Dr. Thomas Kerr is Co-Director of the Urban Health Research Initiative at the British Columbia Centre for Excellence in HIV/AIDS (BC-CfE), and an Associate Professor in the Department of Medicine, Division of AIDS at the University of British Columbia.

Harm reduction drug policy has become a politically polarizing issue, which often leaves the science behind the rhetoric. With recent court challenges over Vancouver’s safe injection site, Insite; society must become scientifically informed on what strategies are effective in treating addiction and improving public health.

This talk will take place in room A102 of Buchanan building block A at UBC. There is a suggested donation of $5 to $10.

Check out the FaceBook Event


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Nerds, Creeps, and Women

Posted by Chloe Packer on November 17, 2010

A post on the fantastic and informative blog, Skepchick, made on November 13th by Elyse, generated some interesting comments–some of which mystified this skeptical woman.

Elyse  posted about how she’d been hearing a lot of complaints from women in the skeptical movement about ‘creepy dudes’ at skeptical events. The pose also talked about how hard it is for women to speak up about the “creepy dude factor”. Most will just stop coming to events instead of saying something. In addition, Elyse is starting an outreach organization for women in the skeptical movement to deal with issues that are specific to women.

What is particularly interesting about this post, and this issue, for yours truly is that I have yet to attend a skeptic/atheist/humanist themed event where the creepy dude factor had to be dealt with. In my experience, men in the Skeptical movement tend to be rational about, and therefore respectful towards, women in social situations. When I mentioned this on the show, one of my co-hosts pointed out that this may be more specific to Vancouver culture in general than to skeptical community in general. Creepy dudes only in America (or not Vancouver)? I doubt it, but the point here being that experiences elsewhere are going to be different, which is fair.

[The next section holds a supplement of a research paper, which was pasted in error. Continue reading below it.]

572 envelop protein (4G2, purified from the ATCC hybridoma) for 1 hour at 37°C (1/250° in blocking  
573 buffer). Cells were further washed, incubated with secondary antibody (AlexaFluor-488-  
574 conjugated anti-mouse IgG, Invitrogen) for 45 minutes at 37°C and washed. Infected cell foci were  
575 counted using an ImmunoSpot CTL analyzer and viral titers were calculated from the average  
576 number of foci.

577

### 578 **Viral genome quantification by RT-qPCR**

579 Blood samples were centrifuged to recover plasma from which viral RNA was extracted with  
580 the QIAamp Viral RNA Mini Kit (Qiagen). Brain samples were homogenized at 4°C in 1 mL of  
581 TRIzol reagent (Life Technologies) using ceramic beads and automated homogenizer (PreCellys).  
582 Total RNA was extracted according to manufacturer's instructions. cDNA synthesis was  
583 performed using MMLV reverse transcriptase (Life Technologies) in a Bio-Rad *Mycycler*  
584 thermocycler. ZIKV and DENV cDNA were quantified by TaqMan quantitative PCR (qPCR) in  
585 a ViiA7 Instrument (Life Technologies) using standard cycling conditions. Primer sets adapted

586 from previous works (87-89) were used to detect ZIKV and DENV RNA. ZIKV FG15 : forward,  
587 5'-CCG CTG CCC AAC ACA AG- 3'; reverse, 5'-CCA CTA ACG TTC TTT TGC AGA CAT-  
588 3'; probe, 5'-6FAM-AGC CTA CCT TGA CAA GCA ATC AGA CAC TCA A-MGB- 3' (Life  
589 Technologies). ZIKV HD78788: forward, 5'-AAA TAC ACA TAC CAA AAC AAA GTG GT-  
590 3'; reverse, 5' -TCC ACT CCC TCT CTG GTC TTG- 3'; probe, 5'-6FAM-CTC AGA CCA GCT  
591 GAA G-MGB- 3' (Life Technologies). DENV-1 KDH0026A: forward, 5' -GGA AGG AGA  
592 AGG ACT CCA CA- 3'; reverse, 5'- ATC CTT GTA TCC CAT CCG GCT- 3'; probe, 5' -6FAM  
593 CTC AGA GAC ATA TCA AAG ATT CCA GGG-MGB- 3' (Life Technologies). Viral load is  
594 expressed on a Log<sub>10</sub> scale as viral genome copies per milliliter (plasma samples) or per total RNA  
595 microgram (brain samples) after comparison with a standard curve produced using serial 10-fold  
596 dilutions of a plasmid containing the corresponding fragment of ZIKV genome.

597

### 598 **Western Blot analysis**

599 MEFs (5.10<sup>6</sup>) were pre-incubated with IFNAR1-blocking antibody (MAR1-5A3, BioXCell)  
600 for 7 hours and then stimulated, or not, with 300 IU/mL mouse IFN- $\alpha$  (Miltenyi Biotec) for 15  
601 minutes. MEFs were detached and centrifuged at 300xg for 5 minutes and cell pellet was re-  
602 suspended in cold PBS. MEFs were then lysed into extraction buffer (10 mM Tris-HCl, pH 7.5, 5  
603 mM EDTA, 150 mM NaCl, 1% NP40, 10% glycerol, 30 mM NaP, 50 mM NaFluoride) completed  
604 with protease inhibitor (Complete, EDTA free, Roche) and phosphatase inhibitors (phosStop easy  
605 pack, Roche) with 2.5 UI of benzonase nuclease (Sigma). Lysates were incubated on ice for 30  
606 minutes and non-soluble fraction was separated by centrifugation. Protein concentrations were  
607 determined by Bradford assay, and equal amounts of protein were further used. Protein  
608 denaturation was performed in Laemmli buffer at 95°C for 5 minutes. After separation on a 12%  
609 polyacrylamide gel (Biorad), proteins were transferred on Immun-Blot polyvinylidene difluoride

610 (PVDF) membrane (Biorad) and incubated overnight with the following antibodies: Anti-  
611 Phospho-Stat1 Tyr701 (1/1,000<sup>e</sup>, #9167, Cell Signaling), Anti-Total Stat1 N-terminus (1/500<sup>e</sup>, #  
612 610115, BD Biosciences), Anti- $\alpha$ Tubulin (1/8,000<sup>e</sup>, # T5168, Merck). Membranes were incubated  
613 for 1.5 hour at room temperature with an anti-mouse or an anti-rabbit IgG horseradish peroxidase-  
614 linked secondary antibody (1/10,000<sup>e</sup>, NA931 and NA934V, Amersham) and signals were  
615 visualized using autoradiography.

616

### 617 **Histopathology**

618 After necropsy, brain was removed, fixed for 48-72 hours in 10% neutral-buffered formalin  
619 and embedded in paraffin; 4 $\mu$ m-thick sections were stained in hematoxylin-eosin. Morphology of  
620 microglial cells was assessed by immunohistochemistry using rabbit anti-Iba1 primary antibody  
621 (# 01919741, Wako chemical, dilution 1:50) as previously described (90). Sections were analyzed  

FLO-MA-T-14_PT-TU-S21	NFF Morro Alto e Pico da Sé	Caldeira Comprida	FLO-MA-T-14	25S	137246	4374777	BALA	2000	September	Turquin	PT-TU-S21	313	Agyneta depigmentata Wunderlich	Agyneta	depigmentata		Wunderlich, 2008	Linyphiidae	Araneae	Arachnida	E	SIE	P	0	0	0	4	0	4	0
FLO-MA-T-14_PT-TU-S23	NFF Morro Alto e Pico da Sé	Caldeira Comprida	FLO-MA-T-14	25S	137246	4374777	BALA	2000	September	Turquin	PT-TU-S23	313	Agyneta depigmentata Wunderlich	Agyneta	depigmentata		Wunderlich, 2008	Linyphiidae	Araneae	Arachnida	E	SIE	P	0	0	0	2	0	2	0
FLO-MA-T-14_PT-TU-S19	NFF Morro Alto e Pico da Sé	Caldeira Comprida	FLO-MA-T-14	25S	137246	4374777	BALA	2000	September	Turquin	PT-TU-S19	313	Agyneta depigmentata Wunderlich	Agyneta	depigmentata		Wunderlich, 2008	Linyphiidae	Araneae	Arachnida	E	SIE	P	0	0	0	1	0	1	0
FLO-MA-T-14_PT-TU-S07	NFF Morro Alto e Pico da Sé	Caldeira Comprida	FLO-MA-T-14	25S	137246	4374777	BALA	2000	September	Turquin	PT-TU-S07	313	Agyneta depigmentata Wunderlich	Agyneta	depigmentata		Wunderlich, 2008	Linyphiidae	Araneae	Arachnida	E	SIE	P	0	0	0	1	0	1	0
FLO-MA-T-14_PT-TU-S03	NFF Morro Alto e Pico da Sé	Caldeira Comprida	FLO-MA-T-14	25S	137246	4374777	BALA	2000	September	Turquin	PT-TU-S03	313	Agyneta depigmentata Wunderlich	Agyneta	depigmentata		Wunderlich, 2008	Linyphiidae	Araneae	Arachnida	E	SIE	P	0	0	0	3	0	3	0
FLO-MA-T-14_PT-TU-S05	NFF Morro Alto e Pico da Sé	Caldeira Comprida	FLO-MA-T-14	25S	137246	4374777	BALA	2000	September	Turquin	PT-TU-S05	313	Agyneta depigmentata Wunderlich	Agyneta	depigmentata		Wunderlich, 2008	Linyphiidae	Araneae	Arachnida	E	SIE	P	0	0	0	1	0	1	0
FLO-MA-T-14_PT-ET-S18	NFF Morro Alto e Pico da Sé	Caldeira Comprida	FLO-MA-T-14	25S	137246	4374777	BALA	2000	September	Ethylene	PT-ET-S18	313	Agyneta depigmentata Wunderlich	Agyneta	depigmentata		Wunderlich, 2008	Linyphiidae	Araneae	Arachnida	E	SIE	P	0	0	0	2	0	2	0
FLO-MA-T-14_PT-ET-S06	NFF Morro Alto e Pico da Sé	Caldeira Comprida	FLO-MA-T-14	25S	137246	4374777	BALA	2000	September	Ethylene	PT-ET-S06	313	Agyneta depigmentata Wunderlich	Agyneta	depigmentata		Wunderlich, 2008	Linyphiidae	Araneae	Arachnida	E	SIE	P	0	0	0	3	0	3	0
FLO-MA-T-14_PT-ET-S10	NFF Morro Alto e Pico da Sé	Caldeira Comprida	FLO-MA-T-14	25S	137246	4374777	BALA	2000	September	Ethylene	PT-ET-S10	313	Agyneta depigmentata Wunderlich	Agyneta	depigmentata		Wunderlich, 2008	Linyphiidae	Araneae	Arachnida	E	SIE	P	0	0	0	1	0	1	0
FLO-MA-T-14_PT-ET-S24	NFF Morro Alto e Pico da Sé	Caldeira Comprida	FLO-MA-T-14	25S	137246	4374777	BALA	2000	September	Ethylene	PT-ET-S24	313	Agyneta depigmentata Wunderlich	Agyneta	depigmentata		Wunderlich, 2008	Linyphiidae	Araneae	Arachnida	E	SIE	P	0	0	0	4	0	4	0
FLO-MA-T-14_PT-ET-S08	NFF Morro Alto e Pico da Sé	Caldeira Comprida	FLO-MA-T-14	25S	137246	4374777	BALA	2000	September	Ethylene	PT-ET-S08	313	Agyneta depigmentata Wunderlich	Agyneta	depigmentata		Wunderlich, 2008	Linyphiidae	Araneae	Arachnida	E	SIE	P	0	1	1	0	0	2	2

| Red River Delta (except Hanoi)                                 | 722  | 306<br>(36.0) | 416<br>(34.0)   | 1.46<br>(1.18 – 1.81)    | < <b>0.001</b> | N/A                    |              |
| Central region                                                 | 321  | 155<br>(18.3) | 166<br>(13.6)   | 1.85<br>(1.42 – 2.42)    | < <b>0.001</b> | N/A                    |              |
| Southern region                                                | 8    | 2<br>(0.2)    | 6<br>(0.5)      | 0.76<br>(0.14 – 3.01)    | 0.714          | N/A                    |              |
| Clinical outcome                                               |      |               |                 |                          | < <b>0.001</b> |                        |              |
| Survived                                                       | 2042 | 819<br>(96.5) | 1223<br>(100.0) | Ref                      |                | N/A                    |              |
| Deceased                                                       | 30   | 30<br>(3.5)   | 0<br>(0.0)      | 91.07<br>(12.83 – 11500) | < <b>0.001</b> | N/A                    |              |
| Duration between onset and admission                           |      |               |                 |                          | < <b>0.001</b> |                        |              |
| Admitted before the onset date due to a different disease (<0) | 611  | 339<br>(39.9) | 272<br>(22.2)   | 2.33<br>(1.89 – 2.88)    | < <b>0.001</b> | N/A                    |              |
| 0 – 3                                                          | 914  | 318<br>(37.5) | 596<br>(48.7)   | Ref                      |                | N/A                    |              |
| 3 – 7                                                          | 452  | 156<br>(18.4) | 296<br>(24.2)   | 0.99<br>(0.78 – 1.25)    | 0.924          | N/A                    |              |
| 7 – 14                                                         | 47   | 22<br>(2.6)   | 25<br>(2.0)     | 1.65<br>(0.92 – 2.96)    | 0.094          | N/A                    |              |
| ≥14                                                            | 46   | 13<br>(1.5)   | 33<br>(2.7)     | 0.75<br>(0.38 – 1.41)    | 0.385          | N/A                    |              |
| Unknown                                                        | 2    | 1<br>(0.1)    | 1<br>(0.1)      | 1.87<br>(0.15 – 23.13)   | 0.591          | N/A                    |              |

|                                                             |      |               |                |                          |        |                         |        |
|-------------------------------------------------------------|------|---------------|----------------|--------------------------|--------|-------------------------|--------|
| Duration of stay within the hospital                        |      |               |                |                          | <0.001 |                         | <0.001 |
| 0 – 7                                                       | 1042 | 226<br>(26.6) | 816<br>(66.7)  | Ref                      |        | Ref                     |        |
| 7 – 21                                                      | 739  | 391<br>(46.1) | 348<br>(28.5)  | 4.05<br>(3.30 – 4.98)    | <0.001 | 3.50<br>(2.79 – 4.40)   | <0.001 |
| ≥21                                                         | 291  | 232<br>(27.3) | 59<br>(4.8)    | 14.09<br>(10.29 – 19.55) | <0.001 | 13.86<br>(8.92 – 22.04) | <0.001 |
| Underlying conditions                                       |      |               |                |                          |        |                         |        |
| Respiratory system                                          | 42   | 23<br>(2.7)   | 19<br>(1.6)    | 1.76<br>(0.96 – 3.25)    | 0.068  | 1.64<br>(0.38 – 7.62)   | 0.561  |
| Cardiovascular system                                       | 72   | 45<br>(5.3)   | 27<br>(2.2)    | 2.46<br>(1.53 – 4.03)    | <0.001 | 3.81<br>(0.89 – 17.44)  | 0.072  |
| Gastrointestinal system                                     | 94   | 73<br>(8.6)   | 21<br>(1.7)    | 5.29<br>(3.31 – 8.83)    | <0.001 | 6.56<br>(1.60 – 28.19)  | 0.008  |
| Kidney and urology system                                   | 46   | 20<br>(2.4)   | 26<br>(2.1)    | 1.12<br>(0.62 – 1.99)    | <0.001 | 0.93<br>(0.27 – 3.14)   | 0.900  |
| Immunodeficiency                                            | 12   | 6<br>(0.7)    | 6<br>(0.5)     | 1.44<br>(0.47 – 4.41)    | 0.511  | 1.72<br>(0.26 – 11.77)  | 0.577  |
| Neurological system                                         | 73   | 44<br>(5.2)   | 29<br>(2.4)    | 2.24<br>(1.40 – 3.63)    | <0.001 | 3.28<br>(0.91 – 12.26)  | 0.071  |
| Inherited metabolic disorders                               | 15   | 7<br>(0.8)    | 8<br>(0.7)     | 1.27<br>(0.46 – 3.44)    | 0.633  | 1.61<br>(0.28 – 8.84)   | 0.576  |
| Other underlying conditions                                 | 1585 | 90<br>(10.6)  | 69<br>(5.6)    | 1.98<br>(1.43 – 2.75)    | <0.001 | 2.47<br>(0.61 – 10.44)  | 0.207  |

What got me, however, is that the general tone and mood of the comments posted on in response to Elyse’s post equated creepiness with socially awkward nerdiness. No, really. In other words, the socially awkward straight guys are the creepy ones. This is, of course, bearing in mind that there are always the guys, no matter how they look or whether or not they are nerds, who are complete creeps, of the bum-touching variety (you know who I mean). But equating creepiness with nerdiness to me seems, in fact, to a socially inexperienced stance to take–nerds of any gender tend to socially awkward, so where’s the creepiness and where’s the worry?

The really bothersome point for me are the methods being used here. An outreach organization is a great idea, but I’m not sure that it really deals with the issues at hand. We’re a young movement, so we have the opportunity to make the rules now; we’re also a movement that prides itself on its logic and rationalism, it’s foundation in reality. The problem here is not only that one group, in this case predominantly heterosexual men, are causing the issues, but also that women and other men aren’t saying anything about it. This of course doesn’t mean that it’s a woman’s fault when she gets creeped on–I’m not an apologist for sexist, er, insert-euphemisms-here. But what I think would be a really great thing for women in the Skeptical movement to take on is to SPEAK UP. Most of the guys who are being creeps have no idea what they’re doing. We need to monitor each other, and most non-creep men are going to be on our side. Non-creep men: you need to speak up too. Let’s do it.